Organisms that construct shells of the two CaCO3 polymorphs, aragonite and calcite, include magnesium in very small amounts in their shells. As it turns out that amount is heavily dependent on temperature as a result of somewhat complex kinetic processes. The higher the temperature, the more Mg is included in the shell. Unfortunately, there are a few complications that need to be considered. Like oxygen isotopes, the Mg/Ca proxy requires that all of the calcite or aragonite is original and that it has not been altered during burial of the shell. Second, the ratios appear to differ from one species to another, thus there have to be careful calibrations for individual species. These calibrations focus on developing a relationship between the Mg/Ca of the shell and the temperature of the water in which it grew. This can only be done in living obviously. For extinct species, assumptions need to be made and they result in some uncertainty. Workers are careful to restrict their Mg/Ca analysis to individual species. Third, the Mg/Ca ratio of seawater has changed slowly over time and this ratio can impact the absolute temperatures when the focus of study extends over many millions of years. The proxy is most useful when the study interval is short, the fossil shells are unaltered and the species are still living. Since Mg/Ca is not impacted by the volume of ice as are oxygen isotopes, the proxy is often used along with the latter system to determine the volume of glaciers in cold geologic period.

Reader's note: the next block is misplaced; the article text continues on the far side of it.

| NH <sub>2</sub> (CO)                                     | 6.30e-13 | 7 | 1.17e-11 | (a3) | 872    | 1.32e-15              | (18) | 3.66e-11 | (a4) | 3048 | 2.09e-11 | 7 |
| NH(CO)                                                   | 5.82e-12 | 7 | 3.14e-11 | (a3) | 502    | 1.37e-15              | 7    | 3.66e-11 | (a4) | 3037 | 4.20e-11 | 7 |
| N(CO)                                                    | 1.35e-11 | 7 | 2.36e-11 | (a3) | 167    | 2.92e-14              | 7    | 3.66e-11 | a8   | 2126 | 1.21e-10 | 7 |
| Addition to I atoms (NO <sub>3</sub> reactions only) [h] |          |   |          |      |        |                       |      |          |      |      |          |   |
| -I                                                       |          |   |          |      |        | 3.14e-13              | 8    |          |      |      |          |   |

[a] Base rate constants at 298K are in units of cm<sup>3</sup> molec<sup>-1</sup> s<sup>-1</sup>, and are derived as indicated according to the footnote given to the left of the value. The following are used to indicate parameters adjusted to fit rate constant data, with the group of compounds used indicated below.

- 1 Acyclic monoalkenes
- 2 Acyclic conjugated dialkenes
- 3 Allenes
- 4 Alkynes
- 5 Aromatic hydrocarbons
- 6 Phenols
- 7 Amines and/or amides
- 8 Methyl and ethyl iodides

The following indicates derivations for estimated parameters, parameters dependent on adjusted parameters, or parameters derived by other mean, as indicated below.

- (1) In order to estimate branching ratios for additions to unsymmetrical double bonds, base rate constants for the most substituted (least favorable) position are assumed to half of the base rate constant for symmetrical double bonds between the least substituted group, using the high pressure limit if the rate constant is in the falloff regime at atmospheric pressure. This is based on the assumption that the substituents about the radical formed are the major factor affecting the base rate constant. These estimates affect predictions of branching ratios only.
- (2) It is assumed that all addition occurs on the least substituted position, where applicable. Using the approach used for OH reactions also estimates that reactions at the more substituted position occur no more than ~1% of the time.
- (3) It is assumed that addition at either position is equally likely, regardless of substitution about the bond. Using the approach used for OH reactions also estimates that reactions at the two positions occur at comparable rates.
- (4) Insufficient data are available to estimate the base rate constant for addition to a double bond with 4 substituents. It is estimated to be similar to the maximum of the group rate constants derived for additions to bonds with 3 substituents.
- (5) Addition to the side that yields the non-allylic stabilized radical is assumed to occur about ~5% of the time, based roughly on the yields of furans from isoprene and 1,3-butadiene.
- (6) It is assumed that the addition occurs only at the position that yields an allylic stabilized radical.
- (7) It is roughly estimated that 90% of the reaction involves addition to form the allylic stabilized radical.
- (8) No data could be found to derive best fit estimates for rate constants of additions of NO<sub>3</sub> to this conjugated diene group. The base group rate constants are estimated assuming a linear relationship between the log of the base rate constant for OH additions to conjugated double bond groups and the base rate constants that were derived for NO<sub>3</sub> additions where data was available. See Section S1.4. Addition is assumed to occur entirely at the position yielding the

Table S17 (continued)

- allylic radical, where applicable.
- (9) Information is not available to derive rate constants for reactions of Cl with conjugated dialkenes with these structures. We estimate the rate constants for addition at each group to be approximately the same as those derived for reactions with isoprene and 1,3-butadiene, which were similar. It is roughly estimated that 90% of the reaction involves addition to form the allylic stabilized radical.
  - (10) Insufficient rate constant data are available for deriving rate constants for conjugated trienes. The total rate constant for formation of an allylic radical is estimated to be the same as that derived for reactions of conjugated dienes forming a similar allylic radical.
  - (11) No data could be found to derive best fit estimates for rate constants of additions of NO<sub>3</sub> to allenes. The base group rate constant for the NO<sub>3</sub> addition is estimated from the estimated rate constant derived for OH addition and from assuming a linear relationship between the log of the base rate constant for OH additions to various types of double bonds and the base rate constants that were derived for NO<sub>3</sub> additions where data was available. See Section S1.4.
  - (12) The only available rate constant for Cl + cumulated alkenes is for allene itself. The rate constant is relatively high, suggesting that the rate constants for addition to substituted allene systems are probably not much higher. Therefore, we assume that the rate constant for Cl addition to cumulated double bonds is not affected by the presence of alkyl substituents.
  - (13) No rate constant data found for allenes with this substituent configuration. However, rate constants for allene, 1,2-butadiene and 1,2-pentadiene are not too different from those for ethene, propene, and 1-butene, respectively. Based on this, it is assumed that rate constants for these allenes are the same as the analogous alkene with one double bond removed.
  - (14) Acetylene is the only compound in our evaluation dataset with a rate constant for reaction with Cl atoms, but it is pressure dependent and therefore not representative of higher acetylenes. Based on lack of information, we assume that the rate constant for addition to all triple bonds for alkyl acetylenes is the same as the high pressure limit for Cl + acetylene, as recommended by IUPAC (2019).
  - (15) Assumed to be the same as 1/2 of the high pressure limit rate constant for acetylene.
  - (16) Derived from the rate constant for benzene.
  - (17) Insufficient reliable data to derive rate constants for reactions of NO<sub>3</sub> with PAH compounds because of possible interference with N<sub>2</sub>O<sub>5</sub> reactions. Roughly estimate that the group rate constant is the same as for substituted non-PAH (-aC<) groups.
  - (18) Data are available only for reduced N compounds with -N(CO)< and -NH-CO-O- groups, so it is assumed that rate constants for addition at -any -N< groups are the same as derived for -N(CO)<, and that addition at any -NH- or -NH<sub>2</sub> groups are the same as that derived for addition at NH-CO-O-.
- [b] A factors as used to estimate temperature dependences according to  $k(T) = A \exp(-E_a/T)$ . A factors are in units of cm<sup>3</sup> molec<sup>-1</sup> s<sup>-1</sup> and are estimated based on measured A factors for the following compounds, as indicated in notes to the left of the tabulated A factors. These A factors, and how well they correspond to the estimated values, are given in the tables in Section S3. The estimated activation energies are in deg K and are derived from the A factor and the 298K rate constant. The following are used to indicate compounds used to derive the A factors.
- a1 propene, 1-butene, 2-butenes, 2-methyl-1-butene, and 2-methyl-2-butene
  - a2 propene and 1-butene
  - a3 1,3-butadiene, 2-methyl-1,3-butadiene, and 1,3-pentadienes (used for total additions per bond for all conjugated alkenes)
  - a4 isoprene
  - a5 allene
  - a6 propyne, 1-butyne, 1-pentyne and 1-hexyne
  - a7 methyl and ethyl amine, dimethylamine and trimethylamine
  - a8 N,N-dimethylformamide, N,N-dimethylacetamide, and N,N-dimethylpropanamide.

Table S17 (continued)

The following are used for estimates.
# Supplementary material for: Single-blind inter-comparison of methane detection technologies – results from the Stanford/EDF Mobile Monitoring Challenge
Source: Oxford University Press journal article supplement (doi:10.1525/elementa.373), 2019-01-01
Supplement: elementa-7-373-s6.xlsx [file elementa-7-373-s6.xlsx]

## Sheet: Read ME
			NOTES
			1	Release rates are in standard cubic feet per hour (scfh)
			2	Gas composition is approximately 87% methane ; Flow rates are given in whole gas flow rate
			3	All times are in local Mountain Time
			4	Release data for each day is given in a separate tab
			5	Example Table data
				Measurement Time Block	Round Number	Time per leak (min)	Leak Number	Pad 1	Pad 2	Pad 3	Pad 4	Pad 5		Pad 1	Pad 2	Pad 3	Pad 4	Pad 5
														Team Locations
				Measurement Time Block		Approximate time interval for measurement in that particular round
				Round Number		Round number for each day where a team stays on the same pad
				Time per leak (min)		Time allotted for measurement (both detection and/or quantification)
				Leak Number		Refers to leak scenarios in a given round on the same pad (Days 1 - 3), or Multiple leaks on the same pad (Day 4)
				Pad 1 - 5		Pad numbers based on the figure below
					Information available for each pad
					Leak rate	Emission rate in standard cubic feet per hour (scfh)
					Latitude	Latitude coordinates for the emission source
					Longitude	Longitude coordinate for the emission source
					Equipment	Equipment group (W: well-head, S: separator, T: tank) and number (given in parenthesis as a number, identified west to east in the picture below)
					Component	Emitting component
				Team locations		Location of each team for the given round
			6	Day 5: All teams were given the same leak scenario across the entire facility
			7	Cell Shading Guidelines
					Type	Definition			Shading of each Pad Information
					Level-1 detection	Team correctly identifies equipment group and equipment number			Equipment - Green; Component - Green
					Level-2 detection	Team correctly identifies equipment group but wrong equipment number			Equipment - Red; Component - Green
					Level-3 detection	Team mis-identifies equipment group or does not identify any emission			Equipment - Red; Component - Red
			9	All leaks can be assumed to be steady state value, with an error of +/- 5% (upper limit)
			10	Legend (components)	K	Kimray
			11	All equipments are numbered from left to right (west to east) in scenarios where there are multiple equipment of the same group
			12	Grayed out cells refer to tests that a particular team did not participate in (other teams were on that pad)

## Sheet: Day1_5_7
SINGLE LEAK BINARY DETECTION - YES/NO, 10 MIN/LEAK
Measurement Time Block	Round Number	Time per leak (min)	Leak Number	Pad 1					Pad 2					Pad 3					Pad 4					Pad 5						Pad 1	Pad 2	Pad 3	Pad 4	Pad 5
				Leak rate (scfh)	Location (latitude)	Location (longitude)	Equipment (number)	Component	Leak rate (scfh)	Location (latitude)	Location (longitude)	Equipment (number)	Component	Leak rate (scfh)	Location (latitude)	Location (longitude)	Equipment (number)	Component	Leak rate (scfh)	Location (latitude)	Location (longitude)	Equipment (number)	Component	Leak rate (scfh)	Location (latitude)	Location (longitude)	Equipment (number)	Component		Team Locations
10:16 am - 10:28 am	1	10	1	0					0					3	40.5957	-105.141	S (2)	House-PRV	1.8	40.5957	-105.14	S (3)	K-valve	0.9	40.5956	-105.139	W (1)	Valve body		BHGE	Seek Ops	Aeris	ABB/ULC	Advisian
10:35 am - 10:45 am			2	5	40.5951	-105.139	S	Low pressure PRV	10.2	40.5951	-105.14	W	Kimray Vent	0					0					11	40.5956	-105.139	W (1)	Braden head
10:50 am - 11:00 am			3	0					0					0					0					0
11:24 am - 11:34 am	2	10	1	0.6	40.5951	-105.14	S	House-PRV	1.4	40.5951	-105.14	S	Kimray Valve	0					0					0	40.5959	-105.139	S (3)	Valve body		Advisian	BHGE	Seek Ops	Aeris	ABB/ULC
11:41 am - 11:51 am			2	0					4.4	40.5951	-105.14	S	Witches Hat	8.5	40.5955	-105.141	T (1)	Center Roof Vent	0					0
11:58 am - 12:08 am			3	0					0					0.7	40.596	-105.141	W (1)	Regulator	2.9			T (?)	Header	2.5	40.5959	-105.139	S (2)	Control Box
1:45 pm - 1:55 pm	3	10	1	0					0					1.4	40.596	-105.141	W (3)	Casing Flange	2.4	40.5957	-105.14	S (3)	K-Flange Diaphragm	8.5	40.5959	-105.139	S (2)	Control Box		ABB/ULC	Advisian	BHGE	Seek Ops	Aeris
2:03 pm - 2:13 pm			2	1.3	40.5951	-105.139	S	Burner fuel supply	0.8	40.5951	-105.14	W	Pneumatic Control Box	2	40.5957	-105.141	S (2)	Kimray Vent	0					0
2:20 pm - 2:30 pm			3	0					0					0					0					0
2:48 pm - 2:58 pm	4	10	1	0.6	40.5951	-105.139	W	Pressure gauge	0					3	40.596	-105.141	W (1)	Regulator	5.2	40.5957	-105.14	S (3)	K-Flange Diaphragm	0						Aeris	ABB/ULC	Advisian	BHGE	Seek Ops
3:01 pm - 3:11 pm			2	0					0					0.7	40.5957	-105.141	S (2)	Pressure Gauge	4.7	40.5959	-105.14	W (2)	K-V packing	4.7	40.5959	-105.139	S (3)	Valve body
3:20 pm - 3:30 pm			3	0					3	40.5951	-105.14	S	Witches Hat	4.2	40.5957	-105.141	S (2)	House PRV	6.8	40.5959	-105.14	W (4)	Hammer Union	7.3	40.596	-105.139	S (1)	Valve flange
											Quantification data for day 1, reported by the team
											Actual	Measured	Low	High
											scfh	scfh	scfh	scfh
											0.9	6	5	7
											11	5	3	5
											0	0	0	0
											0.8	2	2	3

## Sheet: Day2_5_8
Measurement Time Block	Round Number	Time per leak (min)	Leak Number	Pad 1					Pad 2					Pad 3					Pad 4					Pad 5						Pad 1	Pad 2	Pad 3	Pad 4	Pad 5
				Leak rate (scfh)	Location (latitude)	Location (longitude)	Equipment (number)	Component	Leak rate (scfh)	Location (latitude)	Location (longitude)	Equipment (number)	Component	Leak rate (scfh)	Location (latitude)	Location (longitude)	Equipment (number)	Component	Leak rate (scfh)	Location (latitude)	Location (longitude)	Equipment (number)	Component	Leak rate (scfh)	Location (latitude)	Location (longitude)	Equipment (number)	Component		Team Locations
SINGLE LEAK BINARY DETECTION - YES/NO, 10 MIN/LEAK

TEX-86 is a complex organic (meaning material that is composed largely of carbon, nitrogen, and phosphorus) proxy. This proxy is applied to compounds made by archaea or single-celled prokaryotes (organisms that do not have a differentiated nucleus). The archaea in question live in the oceans and are called crenarchaeota, and the TEX-86 proxy is based on changes in the composition of the lipid membranes of these organisms. The detailed structure of the membrane changes with temperature. The proxy is called TEX-86 because it is based on the tetraether index in carbon-86 atoms (you do not need to remember this!). TEX-86 has been calibrated in the modern oceans, meaning the indices of samples have been compared to the temperatures of the water in which they grow. The main uncertainty of the system revolves around the fact that the organisms of interest do not live right on the ocean surface so the temperatures theoretically are lower than surface levels. In addition, it appears that the index is impacted by the growth rate of the organism. Application of the TEX-86 is restricted to marine sediments and is most useful where there are no shells to measure for oxygen isotopes or Mg/Ca. Regardless of the uncertainties, the TEX-86 proxy is extremely useful to check results from these other two systems. Where two different proxies agree for the temperature of an interval the results are much more certain.